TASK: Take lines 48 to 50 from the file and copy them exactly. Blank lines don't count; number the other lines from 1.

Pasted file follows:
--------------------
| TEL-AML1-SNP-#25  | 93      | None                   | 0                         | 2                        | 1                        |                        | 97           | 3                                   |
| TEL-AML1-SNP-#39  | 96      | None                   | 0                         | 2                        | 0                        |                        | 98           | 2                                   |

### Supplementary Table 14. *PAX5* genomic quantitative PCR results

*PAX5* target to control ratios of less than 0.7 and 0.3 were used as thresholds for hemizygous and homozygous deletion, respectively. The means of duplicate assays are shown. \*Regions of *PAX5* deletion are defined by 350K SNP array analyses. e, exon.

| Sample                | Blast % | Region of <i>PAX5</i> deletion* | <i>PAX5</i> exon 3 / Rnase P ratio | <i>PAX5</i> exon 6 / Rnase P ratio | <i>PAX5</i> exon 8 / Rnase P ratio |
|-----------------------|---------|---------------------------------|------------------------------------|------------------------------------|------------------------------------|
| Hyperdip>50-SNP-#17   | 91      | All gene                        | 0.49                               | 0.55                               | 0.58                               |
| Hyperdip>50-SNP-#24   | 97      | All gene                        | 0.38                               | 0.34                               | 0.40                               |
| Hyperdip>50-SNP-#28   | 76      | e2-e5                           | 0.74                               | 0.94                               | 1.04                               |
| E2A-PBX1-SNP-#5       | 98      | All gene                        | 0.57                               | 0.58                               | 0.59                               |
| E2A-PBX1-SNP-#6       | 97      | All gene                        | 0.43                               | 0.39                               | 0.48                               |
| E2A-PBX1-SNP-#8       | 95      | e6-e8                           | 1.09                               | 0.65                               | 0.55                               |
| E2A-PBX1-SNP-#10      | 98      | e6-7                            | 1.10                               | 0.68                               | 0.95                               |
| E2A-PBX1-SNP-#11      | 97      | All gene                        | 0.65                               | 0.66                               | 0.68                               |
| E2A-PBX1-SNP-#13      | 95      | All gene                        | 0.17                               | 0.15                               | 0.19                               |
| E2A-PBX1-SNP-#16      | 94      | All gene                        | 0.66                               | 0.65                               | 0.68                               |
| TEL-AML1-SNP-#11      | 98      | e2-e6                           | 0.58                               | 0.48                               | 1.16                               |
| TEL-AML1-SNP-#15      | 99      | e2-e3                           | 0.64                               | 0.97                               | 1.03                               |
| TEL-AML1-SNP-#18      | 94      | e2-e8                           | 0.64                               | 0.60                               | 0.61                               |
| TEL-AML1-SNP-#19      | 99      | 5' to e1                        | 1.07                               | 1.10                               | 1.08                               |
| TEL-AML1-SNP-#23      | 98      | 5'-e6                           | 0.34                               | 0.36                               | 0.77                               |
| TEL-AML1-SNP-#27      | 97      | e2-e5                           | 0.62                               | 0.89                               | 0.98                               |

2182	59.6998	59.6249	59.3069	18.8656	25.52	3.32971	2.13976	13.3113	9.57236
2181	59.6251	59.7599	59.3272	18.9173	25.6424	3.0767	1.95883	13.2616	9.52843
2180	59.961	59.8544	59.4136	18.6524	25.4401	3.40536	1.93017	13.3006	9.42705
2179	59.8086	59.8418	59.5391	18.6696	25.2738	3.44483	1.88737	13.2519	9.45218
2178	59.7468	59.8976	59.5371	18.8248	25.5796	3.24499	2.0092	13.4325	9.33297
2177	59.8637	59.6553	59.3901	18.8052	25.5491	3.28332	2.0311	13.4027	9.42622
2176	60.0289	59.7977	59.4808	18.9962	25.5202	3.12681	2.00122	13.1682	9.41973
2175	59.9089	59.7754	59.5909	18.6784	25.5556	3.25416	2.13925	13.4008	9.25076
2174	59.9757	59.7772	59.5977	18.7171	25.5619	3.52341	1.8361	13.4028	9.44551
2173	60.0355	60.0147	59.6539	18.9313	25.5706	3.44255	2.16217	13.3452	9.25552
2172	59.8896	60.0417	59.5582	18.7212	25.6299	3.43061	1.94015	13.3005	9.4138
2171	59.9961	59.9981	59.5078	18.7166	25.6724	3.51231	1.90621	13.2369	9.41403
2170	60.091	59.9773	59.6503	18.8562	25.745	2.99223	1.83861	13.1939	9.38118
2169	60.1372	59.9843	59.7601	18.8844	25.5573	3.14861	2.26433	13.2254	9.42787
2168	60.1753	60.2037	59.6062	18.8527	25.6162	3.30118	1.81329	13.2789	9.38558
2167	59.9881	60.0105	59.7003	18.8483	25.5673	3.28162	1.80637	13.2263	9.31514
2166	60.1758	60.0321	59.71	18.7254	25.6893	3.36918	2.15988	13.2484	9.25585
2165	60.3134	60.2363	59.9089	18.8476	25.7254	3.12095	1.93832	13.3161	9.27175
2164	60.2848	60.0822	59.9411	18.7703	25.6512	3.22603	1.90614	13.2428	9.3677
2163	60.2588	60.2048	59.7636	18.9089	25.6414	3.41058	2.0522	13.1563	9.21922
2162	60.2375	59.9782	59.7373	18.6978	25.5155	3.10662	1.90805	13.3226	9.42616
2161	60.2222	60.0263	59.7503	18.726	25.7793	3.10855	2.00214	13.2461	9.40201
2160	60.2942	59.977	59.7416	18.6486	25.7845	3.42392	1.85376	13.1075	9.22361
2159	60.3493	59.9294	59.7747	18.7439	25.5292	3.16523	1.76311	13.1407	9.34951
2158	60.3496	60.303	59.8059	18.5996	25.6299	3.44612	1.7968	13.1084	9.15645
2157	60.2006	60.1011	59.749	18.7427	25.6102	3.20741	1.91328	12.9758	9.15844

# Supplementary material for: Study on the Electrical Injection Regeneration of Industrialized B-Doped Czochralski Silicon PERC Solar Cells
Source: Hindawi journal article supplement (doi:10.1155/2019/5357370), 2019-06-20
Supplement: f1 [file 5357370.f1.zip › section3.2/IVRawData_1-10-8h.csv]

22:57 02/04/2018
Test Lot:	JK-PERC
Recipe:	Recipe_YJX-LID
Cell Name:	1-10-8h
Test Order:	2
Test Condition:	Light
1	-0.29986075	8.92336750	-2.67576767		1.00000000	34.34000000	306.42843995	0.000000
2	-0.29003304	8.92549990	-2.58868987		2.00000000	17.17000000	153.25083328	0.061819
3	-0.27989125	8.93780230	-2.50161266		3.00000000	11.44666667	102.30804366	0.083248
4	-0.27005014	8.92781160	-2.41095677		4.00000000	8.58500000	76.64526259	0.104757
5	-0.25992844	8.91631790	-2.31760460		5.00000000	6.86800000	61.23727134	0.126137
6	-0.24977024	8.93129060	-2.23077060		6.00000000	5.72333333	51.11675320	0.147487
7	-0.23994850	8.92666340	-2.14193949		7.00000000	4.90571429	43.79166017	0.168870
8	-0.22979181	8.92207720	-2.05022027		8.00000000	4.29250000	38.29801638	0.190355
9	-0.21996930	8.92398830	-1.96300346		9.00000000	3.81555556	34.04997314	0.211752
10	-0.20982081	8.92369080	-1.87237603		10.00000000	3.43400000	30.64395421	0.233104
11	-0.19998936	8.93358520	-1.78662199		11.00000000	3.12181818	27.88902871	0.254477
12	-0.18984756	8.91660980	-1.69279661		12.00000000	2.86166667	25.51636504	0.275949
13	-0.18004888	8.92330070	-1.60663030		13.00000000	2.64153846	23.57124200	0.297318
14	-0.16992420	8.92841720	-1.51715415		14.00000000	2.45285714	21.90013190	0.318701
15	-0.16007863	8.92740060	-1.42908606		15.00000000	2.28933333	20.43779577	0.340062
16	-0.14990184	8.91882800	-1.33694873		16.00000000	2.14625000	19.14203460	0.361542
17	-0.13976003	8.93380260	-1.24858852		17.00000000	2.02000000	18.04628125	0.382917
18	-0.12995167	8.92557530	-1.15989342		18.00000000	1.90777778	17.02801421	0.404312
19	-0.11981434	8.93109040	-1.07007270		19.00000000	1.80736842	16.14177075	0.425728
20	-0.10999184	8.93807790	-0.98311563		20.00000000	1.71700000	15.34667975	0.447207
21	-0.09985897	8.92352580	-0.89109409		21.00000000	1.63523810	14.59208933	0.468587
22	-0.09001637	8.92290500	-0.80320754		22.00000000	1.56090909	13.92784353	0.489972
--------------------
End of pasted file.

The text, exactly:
2157	60.2006	60.1011	59.749	18.7427	25.6102	3.20741	1.91328	12.9758	9.15844

# Supplementary material for: Study on the Electrical Injection Regeneration of Industrialized B-Doped Czochralski Silicon PERC Solar Cells
Source: Hindawi journal article supplement (doi:10.1155/2019/5357370), 2019-06-20